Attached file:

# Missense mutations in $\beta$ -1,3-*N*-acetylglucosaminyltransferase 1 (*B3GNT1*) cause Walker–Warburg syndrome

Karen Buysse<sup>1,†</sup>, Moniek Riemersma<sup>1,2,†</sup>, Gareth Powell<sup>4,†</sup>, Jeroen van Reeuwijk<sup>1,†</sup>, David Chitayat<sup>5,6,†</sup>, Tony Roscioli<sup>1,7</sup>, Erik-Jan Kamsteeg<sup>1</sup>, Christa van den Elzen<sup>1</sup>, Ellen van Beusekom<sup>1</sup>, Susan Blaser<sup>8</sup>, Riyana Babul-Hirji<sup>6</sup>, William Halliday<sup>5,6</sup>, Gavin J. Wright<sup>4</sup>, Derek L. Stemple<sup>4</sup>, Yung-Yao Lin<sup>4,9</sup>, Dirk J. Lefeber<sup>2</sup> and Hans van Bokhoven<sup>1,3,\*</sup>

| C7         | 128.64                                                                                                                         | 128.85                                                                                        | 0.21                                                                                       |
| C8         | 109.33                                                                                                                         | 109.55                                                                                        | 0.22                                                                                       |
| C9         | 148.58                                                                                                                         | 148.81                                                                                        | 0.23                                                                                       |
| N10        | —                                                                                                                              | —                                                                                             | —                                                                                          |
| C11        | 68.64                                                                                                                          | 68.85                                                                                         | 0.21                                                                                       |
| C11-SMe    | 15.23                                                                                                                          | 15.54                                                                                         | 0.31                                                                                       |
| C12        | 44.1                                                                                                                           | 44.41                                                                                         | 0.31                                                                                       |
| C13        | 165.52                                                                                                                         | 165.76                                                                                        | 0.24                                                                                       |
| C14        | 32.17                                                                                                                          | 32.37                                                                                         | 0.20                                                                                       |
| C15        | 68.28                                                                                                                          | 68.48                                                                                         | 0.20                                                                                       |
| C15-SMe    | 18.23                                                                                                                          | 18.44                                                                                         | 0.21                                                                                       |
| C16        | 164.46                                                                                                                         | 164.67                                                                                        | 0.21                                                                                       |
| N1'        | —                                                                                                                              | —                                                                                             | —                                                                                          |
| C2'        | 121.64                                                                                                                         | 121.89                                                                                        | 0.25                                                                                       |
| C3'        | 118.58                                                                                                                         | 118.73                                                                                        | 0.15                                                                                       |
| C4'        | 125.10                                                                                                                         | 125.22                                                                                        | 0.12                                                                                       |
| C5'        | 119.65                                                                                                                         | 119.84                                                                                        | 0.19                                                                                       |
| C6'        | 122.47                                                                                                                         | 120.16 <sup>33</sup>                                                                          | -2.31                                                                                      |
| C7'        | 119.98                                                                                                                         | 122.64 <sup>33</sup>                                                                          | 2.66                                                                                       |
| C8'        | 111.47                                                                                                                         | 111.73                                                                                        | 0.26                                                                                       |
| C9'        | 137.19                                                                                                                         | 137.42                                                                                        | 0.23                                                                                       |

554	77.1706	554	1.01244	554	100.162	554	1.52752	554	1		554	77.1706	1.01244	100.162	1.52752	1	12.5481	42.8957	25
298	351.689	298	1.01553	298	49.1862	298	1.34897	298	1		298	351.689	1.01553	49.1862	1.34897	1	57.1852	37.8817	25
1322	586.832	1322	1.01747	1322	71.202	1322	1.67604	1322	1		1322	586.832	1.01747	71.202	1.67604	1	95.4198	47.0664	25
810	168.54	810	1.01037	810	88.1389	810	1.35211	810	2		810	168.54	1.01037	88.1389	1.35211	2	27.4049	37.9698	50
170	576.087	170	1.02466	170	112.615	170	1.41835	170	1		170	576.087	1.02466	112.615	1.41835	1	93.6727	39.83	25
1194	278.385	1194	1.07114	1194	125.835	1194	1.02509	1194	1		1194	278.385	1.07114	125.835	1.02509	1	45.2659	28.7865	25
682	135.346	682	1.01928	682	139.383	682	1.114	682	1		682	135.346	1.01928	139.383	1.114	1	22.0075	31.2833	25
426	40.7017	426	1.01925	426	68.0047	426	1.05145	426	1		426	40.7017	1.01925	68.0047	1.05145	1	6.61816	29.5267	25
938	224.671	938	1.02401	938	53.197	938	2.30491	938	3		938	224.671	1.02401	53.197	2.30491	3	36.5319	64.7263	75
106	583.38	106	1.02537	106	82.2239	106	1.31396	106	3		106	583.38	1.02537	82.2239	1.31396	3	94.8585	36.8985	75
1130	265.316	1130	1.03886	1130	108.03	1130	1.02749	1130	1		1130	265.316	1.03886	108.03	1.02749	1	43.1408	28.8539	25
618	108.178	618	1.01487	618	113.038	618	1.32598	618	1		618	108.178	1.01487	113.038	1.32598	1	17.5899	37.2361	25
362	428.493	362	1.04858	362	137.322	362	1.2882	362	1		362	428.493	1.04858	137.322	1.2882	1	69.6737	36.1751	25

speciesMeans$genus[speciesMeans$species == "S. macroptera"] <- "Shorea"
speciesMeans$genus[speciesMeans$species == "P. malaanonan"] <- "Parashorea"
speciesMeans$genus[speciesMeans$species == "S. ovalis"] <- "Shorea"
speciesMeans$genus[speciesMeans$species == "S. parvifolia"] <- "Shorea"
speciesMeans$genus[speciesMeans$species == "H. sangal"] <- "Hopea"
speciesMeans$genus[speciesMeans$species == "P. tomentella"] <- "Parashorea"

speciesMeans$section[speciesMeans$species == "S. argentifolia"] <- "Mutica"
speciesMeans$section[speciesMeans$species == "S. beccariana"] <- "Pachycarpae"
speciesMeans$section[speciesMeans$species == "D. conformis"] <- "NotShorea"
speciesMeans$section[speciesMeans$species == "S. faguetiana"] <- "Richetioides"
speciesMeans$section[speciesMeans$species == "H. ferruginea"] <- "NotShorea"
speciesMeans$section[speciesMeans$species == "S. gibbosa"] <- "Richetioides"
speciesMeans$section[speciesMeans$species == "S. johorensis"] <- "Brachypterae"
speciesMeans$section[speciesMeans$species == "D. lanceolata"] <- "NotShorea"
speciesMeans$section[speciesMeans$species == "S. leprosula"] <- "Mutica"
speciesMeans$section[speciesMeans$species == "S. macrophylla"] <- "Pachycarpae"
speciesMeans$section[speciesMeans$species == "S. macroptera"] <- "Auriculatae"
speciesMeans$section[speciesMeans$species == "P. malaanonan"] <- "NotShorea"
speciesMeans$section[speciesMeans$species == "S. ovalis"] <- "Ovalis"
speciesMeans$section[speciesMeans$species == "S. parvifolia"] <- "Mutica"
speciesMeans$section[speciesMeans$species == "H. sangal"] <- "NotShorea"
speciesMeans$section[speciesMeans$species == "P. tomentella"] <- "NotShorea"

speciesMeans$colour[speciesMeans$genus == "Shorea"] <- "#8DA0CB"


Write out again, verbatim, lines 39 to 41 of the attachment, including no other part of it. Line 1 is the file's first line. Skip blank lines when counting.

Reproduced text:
speciesMeans$genus[speciesMeans$species == "S. ovalis"] <- "Shorea"
speciesMeans$genus[speciesMeans$species == "S. parvifolia"] <- "Shorea"
speciesMeans$genus[speciesMeans$species == "H. sangal"] <- "Hopea"